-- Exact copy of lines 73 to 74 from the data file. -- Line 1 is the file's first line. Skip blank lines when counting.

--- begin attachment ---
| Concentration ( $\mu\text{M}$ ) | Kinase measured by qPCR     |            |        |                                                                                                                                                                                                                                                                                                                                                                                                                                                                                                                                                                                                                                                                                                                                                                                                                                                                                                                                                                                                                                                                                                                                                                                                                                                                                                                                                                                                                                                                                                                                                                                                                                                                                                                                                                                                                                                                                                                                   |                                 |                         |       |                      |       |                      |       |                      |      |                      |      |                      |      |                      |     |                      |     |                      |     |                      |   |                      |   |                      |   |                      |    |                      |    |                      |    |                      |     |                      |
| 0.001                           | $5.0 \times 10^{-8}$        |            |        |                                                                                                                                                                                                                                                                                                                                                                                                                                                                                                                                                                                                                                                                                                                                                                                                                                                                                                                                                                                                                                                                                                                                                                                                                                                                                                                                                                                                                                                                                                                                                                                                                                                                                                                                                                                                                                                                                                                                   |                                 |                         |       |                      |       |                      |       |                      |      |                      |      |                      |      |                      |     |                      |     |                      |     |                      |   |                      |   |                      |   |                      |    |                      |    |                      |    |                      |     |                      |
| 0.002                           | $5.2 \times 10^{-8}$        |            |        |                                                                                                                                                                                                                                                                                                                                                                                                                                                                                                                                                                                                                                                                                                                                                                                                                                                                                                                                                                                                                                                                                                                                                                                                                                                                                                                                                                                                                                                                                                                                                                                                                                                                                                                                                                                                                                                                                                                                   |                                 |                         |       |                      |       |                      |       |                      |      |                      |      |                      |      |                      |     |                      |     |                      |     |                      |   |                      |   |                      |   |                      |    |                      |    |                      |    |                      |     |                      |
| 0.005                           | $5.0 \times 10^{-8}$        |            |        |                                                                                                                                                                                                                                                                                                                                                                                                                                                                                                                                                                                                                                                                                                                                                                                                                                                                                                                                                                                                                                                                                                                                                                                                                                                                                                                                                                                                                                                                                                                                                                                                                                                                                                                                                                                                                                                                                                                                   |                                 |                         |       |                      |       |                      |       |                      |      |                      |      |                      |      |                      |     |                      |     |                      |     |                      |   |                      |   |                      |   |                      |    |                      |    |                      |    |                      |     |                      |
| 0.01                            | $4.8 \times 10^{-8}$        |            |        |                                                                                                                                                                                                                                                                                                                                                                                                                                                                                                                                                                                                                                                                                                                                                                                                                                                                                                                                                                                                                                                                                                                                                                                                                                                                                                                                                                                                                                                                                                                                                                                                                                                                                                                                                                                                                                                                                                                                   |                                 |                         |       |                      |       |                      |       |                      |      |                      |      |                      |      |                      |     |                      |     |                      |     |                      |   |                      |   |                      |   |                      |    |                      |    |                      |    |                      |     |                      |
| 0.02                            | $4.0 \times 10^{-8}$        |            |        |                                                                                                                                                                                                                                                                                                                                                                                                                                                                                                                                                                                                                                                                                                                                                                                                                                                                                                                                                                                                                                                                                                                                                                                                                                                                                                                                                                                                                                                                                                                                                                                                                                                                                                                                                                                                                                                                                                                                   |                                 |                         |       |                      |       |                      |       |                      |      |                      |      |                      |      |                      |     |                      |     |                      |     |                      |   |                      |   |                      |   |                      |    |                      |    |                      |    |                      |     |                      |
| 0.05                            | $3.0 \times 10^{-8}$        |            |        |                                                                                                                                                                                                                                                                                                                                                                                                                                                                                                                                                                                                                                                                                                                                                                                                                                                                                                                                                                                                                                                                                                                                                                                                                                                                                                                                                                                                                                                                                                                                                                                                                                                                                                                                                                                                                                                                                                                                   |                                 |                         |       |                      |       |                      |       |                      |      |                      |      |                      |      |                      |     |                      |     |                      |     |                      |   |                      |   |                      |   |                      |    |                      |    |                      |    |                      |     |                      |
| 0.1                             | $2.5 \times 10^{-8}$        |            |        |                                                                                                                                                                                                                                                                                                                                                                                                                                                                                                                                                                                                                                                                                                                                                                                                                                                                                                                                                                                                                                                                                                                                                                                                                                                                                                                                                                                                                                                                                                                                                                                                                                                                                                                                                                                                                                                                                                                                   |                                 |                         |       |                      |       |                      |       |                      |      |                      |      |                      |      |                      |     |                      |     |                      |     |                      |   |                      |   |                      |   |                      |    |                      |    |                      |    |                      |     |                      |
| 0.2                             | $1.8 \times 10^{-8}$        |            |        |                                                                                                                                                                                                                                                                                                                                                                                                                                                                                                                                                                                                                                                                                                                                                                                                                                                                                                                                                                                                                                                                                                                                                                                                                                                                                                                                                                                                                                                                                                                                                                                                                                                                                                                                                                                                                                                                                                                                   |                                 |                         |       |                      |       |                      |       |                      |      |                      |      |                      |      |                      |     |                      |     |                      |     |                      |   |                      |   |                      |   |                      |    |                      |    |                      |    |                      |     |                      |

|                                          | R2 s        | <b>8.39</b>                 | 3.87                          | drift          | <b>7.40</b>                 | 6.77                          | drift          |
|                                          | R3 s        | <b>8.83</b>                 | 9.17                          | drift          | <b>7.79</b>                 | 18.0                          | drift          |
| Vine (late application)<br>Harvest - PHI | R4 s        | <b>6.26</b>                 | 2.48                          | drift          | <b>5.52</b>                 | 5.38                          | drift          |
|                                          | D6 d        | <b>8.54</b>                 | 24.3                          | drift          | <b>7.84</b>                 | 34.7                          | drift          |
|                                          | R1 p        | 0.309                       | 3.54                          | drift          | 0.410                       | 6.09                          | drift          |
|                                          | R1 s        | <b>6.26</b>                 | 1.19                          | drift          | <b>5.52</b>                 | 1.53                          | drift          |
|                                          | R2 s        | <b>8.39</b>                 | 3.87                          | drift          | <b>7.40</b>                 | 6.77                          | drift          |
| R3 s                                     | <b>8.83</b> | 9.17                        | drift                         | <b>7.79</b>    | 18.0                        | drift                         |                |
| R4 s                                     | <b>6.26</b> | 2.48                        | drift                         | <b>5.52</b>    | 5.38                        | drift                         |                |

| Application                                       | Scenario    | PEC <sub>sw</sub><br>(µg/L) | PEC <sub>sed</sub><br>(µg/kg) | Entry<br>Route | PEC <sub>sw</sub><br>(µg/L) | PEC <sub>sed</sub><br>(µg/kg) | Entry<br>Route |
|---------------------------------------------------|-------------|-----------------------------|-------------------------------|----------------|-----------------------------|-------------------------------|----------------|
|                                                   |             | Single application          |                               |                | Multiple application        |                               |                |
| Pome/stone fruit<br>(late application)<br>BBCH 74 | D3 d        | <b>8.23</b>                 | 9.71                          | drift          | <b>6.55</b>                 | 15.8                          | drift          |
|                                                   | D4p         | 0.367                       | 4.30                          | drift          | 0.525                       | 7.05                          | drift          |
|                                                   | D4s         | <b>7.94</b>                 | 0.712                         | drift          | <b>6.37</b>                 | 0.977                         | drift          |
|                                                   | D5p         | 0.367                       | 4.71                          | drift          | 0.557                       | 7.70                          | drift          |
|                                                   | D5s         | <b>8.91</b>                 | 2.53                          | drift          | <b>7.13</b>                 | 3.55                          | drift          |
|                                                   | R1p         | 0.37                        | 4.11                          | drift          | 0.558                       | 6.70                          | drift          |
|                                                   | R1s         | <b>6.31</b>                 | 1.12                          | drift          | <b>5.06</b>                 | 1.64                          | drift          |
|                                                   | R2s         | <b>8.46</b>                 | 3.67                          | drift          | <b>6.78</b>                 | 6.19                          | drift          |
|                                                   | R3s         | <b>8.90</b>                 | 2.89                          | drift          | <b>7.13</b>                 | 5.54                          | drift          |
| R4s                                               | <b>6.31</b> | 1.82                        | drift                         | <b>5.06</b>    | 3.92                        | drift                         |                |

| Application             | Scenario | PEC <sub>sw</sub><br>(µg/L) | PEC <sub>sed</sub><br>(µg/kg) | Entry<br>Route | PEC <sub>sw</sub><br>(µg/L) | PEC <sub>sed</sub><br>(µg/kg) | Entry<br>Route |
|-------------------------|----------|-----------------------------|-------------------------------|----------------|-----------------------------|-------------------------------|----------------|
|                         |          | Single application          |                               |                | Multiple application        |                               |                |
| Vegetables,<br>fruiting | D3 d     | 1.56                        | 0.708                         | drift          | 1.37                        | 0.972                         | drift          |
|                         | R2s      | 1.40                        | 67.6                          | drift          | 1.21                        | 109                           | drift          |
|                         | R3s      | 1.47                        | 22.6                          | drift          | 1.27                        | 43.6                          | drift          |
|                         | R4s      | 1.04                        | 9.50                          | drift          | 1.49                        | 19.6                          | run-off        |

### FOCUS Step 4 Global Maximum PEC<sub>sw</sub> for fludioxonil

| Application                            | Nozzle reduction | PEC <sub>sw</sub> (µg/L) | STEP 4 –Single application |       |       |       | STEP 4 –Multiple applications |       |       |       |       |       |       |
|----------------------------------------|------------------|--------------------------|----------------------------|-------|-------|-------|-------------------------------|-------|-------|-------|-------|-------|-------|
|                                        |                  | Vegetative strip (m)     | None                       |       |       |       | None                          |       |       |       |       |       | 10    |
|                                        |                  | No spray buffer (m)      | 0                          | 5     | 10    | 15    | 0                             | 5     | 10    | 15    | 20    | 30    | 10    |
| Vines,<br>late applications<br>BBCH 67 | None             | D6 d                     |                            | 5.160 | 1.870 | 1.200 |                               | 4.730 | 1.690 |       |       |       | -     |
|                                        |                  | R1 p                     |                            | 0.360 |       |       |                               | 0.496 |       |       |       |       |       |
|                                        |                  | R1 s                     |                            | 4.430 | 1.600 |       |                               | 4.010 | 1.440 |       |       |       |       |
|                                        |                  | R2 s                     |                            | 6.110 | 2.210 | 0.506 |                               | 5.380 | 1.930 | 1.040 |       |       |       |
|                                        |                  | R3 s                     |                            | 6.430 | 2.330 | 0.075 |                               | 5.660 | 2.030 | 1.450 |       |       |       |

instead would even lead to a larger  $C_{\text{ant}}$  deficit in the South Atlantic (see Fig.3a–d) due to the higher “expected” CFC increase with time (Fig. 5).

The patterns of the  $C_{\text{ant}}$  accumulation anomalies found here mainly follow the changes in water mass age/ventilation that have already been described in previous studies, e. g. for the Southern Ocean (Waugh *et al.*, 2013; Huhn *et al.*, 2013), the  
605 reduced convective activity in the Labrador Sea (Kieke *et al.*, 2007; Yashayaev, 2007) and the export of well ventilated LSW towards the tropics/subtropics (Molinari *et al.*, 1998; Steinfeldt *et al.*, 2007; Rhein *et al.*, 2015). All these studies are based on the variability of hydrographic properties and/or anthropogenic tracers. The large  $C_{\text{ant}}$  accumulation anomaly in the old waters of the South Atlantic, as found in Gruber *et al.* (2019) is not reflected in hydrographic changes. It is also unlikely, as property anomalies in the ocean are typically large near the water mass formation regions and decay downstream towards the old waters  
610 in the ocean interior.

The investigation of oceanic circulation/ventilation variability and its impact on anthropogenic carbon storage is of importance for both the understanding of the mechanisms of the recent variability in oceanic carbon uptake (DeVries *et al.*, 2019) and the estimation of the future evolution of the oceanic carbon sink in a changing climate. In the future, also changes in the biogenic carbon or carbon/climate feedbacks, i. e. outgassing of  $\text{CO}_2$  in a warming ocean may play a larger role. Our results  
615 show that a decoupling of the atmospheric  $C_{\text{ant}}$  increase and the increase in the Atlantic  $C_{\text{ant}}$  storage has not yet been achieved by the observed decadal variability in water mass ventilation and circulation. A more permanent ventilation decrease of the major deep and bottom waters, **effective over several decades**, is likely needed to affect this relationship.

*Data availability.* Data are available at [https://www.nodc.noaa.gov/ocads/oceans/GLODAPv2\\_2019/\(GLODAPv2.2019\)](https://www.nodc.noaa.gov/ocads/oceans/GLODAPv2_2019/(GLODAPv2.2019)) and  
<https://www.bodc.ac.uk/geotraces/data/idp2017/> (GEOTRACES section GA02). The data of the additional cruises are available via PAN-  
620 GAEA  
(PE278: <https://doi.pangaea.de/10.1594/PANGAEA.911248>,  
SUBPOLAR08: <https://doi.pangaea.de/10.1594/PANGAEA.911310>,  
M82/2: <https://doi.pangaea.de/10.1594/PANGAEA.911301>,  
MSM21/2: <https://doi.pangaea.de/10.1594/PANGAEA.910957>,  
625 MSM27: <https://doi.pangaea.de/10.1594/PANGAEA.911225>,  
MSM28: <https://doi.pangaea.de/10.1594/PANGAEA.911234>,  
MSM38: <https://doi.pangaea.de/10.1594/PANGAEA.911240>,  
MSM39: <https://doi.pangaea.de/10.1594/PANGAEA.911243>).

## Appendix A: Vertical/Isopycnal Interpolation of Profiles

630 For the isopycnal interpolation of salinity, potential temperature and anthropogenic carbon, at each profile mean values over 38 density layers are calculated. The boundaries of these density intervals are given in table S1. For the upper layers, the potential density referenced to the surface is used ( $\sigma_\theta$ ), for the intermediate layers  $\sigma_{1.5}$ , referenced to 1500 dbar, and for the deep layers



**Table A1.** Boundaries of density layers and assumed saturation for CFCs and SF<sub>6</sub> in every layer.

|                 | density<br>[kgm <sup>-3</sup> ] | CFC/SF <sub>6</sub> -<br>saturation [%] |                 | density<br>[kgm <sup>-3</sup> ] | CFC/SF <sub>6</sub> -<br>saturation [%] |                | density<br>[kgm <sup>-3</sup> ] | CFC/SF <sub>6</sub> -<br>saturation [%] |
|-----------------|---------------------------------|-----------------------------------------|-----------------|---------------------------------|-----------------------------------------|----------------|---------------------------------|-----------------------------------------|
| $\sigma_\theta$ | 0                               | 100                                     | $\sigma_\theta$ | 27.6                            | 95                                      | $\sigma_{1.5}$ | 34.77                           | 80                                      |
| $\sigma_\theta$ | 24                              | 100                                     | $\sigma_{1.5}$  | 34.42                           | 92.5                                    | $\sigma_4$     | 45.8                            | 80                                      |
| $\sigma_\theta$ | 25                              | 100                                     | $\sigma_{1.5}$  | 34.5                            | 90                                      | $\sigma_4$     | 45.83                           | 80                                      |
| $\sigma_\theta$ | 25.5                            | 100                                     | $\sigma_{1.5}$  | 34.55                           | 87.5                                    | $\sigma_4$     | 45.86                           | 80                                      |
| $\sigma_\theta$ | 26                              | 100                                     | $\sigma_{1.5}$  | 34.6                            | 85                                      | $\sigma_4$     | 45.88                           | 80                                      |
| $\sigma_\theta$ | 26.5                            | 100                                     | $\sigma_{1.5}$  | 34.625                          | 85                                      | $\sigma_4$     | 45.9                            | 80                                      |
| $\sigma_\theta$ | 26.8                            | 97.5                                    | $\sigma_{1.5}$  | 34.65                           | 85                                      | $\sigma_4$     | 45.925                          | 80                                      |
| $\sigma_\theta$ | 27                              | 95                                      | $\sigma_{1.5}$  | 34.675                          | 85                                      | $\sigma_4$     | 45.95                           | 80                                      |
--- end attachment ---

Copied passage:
| $\sigma_\theta$ | 25                              | 100                                     | $\sigma_{1.5}$  | 34.5                            | 90                                      | $\sigma_4$     | 45.83                           | 80                                      |
| $\sigma_\theta$ | 25.5                            | 100                                     | $\sigma_{1.5}$  | 34.55                           | 87.5                                    | $\sigma_4$     | 45.86                           | 80                                      |